Despite all this, floating in the water is so cool that you must do it.  The Roman Emperor Vespasian once threw prisoners, laden with chains, into the water to test its buoyancy.  They didn’t sink.  You can just maintain a sitting position and you’ll be supported with no effort.

 

Dead Sea

 

It’s fun because it’s so easy.  You don’t have to fan your arms or tread water even a mite bit to stay very afloat.  Just relax into a lounge-chair position and you’re fine.  You try to relax and sink more into the water, and the water just pushes you back up.  You just simply want to stay in the water, and we did, floating and drifting around a bit, and then just floating more.  The water doesn’t feel thick or slimy, as I feared.  It feels a bit heavier than normal water, but not a great deal.  We stayed and stayed, just floating, never going more than ten meters distance, just floating.

Like the Sea of Galilee, The Dead Sea really isn’t a sea, by all that’s technical.  It’s a lake, like Galilee.  It’s fed by fresh water, but there’s no outlet.  The water just evaporates.  Untold thousands of years of the Jordan River flowing in there and then being evaporated has left all the salt and minerals behind.

Nowadays, somewhere around 90% of the water from the small Jordan River, the Dead Sea’s sole source, is diverted, so very little goes into the Dead Sea anymore and thus it’s shrinking.  Moreover, the evaporation pools Israel and Joran use to extract minerals and such shrink it even more.  It’s a large body of water, but some studies predict it could be entirely gone in 100 years, and a few say even 40.  The shoreline has already retreated so much that several hotels that used to be waterfront no longer are, and it’s destabilized the land around it such that thousands of sinkholes are developing, a serious danger.  I assume people won’t let it vanish completely, but its future is tough to predict.

 

For our visit, we choose to stay at David, a Le Meridian hotel, perhaps the largest of the bunch there in Ein Bokek.  $237 (USD) a night.  That included limited spa facilities (some pools, a few filled with Dead Sea water), a ridiculously massive outdoor freshwater pool, breakfast and dinner buffets (you won’t need lunch, urp) and a private shoreline for dipping into the Dead Sea.  Consider that a decent breakfast would be $10 a person in Israel and a decent dinner at least $40, assuming you’re not just eating a falafel, so for two people that’s $100 in food anyway.  Being buffets, you’ll eat massive amounts of food, more than $100 worth for two people.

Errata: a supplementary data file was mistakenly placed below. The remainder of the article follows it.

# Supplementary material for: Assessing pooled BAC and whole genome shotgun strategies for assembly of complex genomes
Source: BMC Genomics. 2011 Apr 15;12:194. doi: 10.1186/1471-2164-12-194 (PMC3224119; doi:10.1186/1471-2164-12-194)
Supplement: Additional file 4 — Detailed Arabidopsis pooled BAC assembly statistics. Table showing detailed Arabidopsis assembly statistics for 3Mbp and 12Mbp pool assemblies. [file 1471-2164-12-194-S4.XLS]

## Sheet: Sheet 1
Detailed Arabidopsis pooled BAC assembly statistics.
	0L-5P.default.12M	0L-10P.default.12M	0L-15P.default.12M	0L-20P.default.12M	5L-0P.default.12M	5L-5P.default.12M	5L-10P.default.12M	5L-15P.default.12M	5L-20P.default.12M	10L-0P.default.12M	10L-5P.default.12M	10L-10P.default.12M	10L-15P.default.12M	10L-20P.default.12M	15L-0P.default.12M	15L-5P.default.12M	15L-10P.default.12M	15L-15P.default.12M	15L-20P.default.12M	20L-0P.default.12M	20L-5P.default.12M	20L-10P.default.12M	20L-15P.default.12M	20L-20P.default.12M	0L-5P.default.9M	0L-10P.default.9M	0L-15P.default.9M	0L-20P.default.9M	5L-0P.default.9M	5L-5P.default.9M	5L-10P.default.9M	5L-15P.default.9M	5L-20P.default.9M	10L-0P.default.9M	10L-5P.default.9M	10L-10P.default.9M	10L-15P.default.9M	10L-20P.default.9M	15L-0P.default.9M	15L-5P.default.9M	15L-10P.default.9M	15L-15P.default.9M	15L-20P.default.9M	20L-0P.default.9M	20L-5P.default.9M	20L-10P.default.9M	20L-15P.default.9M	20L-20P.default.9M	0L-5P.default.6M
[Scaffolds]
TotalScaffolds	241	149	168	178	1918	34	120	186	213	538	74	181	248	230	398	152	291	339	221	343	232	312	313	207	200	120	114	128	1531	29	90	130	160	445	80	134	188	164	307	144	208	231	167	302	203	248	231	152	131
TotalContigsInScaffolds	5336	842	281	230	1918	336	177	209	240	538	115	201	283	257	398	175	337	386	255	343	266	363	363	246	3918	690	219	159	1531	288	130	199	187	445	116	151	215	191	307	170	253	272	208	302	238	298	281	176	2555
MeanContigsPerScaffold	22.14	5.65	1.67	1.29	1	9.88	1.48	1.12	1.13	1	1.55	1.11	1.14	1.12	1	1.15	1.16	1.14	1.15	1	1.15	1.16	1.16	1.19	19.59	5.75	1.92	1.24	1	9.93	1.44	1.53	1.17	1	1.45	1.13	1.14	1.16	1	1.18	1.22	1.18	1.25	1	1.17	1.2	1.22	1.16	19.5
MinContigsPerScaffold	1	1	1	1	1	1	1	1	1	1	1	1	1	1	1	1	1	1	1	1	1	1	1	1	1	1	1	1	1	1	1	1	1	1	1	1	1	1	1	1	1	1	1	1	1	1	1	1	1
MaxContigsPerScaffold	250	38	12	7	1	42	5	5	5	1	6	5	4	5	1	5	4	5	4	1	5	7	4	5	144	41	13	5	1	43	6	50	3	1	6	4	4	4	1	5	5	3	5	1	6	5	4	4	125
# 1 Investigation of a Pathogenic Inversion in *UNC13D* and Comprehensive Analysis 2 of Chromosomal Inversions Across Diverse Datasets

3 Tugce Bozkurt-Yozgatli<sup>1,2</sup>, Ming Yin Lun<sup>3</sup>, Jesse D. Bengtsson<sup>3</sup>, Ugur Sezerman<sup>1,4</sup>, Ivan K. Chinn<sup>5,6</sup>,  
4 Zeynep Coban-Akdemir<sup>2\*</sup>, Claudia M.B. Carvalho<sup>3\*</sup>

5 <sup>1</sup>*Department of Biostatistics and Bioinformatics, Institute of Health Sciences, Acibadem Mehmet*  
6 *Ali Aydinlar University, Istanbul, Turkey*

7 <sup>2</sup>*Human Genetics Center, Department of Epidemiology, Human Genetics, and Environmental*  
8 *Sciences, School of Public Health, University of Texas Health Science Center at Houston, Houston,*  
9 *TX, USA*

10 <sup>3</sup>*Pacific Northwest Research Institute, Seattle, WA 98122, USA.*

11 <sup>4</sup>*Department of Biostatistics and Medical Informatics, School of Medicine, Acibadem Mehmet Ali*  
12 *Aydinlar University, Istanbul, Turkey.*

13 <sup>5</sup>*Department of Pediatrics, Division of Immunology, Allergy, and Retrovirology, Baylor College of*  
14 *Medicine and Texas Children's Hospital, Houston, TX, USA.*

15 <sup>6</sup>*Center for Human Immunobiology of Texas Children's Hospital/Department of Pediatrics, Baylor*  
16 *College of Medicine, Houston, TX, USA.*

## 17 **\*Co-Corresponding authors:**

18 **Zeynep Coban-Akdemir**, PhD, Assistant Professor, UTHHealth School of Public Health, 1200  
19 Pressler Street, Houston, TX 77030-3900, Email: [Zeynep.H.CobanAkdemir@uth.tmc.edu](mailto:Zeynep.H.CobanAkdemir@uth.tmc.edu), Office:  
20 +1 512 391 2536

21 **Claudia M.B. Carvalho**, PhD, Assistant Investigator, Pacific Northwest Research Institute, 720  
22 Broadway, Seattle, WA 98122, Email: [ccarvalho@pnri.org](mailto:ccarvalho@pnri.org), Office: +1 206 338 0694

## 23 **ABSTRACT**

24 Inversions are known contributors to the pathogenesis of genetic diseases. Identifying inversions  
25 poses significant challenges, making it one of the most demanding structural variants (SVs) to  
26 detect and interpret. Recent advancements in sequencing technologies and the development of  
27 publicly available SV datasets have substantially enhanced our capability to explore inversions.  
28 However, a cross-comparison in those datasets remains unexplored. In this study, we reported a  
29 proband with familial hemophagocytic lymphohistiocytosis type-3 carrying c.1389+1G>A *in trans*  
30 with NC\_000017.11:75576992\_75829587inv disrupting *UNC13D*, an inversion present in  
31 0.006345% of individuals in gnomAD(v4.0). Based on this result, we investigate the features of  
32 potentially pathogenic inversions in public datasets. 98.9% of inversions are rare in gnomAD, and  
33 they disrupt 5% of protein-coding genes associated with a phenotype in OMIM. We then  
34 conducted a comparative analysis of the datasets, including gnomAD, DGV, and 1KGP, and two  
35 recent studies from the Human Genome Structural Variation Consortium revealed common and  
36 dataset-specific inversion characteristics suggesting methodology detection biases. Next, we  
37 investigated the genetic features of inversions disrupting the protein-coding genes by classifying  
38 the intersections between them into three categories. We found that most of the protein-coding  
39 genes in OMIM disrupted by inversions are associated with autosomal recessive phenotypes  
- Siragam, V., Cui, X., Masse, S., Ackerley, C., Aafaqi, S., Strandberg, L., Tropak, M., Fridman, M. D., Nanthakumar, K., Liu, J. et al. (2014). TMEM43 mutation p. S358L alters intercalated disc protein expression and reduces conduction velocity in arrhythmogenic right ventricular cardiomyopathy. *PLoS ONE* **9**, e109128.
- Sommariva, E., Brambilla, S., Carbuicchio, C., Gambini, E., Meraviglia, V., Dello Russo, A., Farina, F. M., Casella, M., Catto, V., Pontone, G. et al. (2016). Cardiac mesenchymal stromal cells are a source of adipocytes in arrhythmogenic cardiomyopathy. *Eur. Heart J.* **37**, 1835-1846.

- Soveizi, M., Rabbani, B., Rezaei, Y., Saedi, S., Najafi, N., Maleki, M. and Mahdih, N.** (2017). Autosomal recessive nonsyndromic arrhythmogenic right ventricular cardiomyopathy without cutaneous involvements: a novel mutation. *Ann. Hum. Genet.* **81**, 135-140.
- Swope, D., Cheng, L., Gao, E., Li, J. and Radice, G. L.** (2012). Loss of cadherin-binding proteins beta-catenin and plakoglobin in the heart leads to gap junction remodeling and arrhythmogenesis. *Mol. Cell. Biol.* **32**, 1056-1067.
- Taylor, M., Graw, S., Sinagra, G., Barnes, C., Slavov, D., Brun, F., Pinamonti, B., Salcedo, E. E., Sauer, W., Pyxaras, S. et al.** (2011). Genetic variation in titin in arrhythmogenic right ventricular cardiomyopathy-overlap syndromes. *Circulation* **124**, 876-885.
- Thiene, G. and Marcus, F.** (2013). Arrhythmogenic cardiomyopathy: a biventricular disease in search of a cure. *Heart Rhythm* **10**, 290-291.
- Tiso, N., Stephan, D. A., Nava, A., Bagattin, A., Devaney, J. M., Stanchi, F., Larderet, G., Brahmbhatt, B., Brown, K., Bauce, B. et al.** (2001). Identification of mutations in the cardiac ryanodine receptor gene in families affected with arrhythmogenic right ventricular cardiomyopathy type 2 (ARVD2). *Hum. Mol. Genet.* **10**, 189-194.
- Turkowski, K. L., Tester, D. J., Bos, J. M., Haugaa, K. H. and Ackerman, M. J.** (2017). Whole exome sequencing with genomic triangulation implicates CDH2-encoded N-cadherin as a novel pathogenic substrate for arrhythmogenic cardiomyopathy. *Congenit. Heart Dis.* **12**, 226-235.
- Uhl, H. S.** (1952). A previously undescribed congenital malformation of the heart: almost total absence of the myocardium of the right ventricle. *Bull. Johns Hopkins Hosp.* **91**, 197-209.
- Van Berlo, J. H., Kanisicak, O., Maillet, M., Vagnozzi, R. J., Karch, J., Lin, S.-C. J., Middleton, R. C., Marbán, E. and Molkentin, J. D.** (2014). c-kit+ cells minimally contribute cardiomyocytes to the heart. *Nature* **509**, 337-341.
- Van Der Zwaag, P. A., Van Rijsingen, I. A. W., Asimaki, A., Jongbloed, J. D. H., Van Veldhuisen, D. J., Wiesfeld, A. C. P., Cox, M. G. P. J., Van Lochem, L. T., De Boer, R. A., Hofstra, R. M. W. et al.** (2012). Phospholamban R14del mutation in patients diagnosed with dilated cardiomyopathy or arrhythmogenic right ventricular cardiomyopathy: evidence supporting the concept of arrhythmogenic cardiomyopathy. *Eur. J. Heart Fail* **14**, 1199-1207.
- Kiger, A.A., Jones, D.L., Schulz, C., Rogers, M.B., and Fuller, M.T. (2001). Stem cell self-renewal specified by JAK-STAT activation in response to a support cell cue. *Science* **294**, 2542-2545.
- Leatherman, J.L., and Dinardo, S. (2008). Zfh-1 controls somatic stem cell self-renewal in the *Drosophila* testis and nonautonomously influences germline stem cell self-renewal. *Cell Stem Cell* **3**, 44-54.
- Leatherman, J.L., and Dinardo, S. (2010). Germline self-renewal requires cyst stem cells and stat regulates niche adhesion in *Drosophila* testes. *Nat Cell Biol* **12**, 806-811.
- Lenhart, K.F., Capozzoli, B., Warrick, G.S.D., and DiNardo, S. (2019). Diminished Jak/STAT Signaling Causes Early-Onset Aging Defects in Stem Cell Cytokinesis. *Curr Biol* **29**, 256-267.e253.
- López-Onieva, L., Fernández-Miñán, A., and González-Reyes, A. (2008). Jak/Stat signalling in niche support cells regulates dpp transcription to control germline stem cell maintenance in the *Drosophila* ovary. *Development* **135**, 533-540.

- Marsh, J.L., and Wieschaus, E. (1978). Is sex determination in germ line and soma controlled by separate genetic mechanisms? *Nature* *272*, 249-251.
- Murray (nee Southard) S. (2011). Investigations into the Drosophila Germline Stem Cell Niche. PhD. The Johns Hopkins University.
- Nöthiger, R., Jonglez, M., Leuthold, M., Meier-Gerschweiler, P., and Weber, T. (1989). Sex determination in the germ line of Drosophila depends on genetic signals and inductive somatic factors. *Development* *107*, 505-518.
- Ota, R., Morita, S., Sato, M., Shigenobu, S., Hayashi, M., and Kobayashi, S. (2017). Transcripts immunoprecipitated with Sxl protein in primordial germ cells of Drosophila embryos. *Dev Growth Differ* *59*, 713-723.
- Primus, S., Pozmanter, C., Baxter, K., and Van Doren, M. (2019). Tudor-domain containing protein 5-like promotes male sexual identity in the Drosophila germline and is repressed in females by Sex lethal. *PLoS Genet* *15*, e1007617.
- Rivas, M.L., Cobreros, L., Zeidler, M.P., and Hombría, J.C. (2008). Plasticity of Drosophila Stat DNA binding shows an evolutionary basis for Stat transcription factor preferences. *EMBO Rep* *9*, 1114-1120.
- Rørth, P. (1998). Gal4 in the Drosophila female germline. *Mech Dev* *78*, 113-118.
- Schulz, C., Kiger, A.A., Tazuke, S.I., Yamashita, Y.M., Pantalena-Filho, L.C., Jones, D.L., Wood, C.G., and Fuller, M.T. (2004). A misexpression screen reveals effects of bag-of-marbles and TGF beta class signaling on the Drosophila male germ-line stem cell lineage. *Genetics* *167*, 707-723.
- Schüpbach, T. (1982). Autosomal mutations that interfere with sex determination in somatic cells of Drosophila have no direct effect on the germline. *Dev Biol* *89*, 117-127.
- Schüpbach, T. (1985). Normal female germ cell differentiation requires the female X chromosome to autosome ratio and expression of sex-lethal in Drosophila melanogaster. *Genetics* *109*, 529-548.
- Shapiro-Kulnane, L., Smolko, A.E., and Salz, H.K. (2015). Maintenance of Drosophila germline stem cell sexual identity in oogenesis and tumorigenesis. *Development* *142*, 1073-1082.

Dead Sea

Hotels are expensive here, but you get a lot

Being a buffet, the food can’t be great, but being canonical Mediterranean, it was quite good.  Much can be described as composed salads.  Cucumber and tomato, artichoke and tuna, select combinations of things.  Five types of yogurt and of olives.  Rice-stuffed grape leaves, those magic rolls of joy, couscous salad, and grilled peppers.  There is pizza and french fries someplace along with the main dishes, and a dozen types of desserts.

 

Dead Sea

From the dinner buffet

My only complaint is the dining room staff was so inept.  They constantly sat us in horrible tables, so much that we abandoned them and choose our table ourselves.  They weren’t good about clearing tables, and they were always dropping things.  There was constant clattering somewhere in the room as silverware, cups, and whatnot slipped from their unskilled fingers to surrender to gravity.

The other visitors to the area seemed to be mostly Israelis and Russians, so many of them older.  This is what Florida must be like.  The area sees many, many Russians visitors, in such numbers that the stores always have clerks who speak Russian.

 

No matter where you stay, the area around your crashpad won’t be a real city, just a tourist zone.  Most of what you’ll see will be shops.  There are a few featuring typical beach products.  No bodyboards, but swimsuits, sunglasses, hats.  Most shops focus on the massive amounts of beauty products all imaginatively made from Dead Sea ingredients.

The shops all had the same items: bags of Dead Sea salt to add to your bathwater, bags of Dead Sea mud that is somehow good if you spread it over your skin, and various cosmetics made from, yes yes, the Dead Sea.  The salt came in various colors, as if they were flavors.  Perhaps they smell different.  The cosmetics are endless.  As for the mud, we bought a bag and opened it up back in the hotel and gave ourselves a facial one evening.  This was not the first time I marveled over the idea of having massive amounts of dirt loaded onto your facial skin somehow being a good thing.  Most people try to get that stuff off them.

 

There may not be too many eating establishments around, as most visitors munch at their hotel’s offerings.  We were constantly so full that nothing palatable, not even an ice cream stand, would have been tempting, but if you need food, you’ll find something.  Perhaps they’re serving the people on a two-week health treatment who are sick of their hotel’s buffet.

 

Just no fish from the Dead Sea.

 

Dead Sea

Fish on the dinner buffet   (not from, you know, the Dead Sea)

 

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3 Comments
  1. Nilou

    Interesting post and beautiful pictures. I like your choice of title! The craggy shoreline actually gives it a complexity that comes through beautifully on the pictures.

  2. I totally got that drop in my eye and it wasn’t pretty. Moving around slowly was so strange because I felt like I was gliding through baby oil. As for accommodation, my Israeli friend and I slept in her car with mosquitos flying in…flop house on wheels.

    • Tom

      That’s a brilliant solution—I like it.